LEGO Worlds Review
Choosing to tear their building instruction booklets into pieces, LEGO Worlds presents the chance to ignore the step-by-step guides that lead to admittedly, impressive builds and unleash your own imagination upon worlds that have been meticulously constructed with digital LEGO bricks.
When a meteor shower slams into your rocket – the PUG-Z – you are left gleefully skydiving through space as you descend on Pirate Playground. This world is the first to teach you the basics as you start your creative adventure to become a Master Builder – those that have worked hard to become ‘magicians of the brick’ with the clutter of creative gadgets that are placed in their hands.
With meteorites crashing into the ground around you, heading to their locations will reward you with steady access to such tools. The Discovery Tool is up first, which is used to scan models, outfits, creatures, vehicles, and brick builds that you come across that can then be unlocked with LEGO studs. Once in your collection, these can then be freely placed in any world whenever you wish.
Next, there is the Landscape Tool, that has the power to reshape the land around you whether that be to raise, lower, or flatten it to build on. Then, there’s the Copy Tool that lets you duplicate anything, the Paint Tool that lets you slap any colour everywhere or paint a building brick-by-brick, and the Build Tool that lets you construct whatever you want one brick at a time.
These can be flitted between by holding the X Button to access the Game Wheel, and, with the promise that anything is possible, the player is free to use them to build to their heart’s content or simply mess around. They are often put to use in order to help out those that live in each of the worlds that you visit, whether that be splattering their home with a fresh coat of paint, handing an item that they are having trouble finding themselves, or fending off skeletons. But, to be honest, these miniature quests are unmemorable and too forgiving, an example being the makeshift treehouse I constructed that most certainly wasn’t fit for purpose.
Their completion can reward you with Gold Bricks that will see your rank rise from Learner Builder right up to Master Builder and are also not only required to repair and upgrade the PUG-Z to reach new worlds, but to unlock the Camera, Lantern, Sky Spinner, Grapple Gun, Block Gun, and Jetpack items. There are also Troublemakers to chase down for new bricks, and a Trader that travels between each world on a hot air balloon who will sell you their wares.
We can be thankful, though, that LEGO Worlds has a wondrous sense of discovery. While the requests that you deal with are forgettable, the game finds strength in simply letting you muck around to build whatever you want. There is a long and gradual learning curve to the control scheme and knowing how best to use each creative tool, but, for those that are looking to sink plenty of time into this, it won’t feel as troublesome after a while.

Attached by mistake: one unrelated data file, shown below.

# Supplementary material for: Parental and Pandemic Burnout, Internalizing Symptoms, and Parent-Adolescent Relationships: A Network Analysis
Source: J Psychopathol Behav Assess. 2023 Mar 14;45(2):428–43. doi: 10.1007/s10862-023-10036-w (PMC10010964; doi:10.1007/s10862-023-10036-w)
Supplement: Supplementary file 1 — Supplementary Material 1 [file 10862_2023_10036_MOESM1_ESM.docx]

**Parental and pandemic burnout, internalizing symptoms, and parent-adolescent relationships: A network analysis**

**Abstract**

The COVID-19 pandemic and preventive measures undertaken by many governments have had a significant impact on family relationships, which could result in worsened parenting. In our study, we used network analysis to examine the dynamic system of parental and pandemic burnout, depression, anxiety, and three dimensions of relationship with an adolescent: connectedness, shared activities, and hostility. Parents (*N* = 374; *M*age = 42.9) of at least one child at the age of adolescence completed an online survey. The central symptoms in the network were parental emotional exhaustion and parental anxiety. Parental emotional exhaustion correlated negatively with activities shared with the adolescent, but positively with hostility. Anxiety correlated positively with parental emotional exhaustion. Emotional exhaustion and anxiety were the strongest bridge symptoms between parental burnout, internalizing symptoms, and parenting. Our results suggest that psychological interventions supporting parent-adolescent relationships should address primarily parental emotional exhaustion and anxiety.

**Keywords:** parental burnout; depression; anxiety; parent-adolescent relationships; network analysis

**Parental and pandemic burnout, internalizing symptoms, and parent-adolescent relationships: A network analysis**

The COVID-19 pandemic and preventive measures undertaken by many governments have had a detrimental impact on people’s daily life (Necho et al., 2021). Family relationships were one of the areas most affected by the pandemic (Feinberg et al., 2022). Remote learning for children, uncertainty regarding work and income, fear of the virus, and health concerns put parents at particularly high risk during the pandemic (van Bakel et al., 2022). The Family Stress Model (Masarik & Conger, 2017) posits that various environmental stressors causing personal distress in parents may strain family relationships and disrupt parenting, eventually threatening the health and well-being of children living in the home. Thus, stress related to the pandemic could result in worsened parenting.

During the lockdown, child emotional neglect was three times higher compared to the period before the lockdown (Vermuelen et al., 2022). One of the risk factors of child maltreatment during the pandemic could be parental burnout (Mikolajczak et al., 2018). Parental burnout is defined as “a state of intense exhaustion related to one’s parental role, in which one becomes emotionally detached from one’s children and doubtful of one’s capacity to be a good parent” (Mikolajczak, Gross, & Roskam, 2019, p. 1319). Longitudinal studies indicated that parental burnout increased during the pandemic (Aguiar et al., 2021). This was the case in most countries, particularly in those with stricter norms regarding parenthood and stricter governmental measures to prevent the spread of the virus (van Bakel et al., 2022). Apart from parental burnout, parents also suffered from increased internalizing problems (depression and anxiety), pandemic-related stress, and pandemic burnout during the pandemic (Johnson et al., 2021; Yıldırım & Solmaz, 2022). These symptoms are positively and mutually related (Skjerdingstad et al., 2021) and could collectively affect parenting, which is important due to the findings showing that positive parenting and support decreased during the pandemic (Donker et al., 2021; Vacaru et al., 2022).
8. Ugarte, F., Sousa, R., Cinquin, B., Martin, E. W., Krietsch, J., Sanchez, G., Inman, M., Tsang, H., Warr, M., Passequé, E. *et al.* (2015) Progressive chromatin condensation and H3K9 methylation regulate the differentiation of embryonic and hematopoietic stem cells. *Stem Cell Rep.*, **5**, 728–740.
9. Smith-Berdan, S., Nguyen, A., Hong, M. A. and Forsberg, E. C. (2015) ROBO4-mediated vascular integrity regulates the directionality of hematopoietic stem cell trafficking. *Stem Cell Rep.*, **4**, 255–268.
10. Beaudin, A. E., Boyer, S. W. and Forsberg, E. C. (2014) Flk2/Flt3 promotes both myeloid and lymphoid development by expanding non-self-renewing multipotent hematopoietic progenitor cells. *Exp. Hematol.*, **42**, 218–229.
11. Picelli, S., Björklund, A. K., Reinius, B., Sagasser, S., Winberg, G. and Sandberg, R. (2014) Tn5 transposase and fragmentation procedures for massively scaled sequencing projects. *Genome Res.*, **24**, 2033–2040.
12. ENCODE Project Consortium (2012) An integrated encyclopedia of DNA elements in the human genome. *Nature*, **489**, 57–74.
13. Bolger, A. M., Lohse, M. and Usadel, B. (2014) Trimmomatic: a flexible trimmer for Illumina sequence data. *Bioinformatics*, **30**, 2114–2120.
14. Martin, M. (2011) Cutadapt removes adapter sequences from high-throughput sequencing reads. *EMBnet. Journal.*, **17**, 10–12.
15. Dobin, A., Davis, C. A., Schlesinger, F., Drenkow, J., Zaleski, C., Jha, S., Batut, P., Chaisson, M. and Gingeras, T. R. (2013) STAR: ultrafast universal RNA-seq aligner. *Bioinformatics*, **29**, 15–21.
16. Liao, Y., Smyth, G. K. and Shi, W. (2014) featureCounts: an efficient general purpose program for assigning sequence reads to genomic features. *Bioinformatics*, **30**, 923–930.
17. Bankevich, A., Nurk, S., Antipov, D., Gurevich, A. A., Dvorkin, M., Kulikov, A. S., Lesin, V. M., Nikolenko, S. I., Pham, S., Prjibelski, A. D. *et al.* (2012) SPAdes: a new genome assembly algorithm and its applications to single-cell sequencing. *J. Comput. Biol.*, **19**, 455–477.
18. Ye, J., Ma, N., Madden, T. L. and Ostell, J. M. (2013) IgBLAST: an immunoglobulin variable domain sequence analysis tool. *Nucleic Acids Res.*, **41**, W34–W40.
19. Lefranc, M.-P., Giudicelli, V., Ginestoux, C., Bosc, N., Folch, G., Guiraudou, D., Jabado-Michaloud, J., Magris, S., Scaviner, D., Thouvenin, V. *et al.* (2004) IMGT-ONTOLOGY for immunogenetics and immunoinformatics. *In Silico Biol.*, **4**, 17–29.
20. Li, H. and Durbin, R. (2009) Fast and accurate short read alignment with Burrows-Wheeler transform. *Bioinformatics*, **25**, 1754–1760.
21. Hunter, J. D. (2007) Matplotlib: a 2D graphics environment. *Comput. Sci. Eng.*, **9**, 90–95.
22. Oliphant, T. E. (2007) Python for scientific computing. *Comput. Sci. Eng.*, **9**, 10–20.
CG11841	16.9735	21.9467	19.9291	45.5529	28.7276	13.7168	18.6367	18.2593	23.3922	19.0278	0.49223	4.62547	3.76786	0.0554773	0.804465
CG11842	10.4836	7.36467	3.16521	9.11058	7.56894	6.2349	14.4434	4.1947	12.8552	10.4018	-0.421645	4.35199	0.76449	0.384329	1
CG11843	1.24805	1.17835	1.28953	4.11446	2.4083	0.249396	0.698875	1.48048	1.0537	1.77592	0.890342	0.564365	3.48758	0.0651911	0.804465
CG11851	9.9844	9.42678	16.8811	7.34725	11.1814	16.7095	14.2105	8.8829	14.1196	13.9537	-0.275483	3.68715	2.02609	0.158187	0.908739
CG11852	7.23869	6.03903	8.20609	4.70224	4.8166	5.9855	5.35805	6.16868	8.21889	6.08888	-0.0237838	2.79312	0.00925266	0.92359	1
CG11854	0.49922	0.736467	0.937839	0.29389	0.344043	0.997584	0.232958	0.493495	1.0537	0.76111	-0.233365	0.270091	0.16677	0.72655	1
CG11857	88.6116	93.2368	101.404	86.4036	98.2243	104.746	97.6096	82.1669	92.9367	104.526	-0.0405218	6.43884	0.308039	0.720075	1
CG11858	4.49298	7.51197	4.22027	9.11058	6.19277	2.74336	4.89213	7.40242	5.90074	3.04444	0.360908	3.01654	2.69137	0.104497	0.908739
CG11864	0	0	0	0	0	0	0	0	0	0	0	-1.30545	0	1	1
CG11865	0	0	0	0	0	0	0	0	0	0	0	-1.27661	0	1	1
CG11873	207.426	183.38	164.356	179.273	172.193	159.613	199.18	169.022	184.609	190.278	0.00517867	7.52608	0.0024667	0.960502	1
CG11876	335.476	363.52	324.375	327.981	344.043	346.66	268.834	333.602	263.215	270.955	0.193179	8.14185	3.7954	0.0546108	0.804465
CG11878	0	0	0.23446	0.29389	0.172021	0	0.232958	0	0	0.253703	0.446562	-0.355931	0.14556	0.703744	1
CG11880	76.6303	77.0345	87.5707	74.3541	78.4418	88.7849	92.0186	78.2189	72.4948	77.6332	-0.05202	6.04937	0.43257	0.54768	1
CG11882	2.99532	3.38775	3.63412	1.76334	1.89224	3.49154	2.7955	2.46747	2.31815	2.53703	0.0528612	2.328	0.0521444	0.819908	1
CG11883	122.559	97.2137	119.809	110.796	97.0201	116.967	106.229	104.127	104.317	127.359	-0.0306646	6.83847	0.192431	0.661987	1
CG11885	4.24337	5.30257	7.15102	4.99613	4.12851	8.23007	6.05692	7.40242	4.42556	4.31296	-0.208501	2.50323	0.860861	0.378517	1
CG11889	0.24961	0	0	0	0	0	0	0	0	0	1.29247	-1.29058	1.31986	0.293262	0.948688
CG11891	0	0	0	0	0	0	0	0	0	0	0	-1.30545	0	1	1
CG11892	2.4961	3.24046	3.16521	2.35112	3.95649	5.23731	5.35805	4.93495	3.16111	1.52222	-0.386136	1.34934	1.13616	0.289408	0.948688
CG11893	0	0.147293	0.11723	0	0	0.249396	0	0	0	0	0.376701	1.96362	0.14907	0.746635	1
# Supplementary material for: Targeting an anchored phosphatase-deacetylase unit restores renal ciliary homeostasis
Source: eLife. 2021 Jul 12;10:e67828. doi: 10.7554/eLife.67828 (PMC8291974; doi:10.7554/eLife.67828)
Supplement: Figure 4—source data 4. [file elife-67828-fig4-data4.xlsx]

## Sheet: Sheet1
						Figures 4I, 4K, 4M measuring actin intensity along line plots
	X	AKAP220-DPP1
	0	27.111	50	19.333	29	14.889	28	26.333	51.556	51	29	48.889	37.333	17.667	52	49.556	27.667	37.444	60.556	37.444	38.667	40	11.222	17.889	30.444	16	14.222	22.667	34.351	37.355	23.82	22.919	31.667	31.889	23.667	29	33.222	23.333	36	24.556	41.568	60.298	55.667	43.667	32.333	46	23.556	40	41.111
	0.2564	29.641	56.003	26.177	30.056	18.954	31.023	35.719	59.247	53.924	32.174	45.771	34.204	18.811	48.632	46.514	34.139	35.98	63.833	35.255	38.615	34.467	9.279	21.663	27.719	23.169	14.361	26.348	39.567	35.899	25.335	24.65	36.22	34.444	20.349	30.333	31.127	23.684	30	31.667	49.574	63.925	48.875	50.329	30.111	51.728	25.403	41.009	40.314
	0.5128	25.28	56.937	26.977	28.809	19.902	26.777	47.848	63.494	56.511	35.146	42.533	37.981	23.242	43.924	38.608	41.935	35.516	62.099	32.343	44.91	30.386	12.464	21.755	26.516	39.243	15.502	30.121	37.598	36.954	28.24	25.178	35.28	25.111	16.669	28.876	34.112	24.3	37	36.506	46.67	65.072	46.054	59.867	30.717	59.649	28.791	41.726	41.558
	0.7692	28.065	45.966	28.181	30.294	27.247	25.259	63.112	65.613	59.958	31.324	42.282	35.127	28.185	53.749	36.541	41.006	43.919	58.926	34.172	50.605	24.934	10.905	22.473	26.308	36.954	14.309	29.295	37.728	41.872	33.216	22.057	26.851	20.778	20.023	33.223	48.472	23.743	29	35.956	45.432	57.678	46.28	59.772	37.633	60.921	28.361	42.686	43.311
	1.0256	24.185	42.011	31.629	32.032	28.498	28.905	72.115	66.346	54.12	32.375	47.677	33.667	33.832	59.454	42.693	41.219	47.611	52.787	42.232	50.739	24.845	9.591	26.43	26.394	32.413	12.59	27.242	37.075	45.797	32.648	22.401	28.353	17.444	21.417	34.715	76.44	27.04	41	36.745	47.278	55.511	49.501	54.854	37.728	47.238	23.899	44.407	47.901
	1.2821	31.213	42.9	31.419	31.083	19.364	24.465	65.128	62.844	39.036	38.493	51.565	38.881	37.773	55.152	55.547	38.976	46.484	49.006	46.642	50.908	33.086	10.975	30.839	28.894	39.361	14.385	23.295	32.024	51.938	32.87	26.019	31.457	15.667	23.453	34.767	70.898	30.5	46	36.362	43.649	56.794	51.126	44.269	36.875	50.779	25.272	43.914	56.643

It has been three months since LEGO Worlds released on Nintendo Switch, and, in that time, TT Games has been more active than most in tinkering with their game. If anything has become clear in that time, it is a game that has continued to evolve with free content updates that have largely come in reaction to feedback from the community. What started with replacing the game’s icon on Nintendo Switch, has gone on to see the developer introduce the Planner Tool to speed up house creation, make it easier to build walls, completely overhaul the Discovery Menu, throw in a Camera Car for budding video creators, and more.
That isn’t to say that all the changes have been positive, however. LEGO Worlds on Nintendo Switch has, at this point in time, a particularly poor draw distance and inconsistent frame rate. The developer has tried to address this as part of the content updates, changes that have improved and worsened the situation. But, they still seem unable to find that sweet spot.
Those that choose to buy a physical copy will also receive the Classic Space and Monsters Packs for free, whereas those that opt for the digital version can buy these separately for £3.29 ($3.99) each.
Classic Space is a disappointment, being the clearest demonstration of the poor technical performance that LEGO Worlds suffers from on Nintendo Switch with an incredibly short draw distance resulting in characters and objects appearing out of nowhere all the time. Which is ironic, seeing as it is one of the sparsest worlds that you can visit. The Monsters Pack has a far more playful personality, but again, is let down by the same technical issues that hamper the otherwise haunting experience. Each Pack throws in new characters, builds, and vehicles though, helping to expand out what is available for your own creations.
The chance to explore other worlds and go where no LEGO Astronaut (or Intergalactic Girl) has gone before is a welcome one, and LEGO Worlds is a game that’s lofty creative ambition is clear. I’d argue that it is the perfect fit for Nintendo Switch, seeing that you can create at home or on the move, but inconsistency still continues to cast a shadow over the experience some months after launch.
It is the unrivalled creative freedom that will soon see many shrug off the issues that LEGO Worlds has and become hooked, building towering LEGO creations that they have only been able to dream of. But, while there are fleeting glimpses at the potential behind the whole idea, there are a few bricks that are missing before it will be completely realised.
Version Tested: Nintendo Switch
Review copy provided by Warner Bros. Interactive Entertainment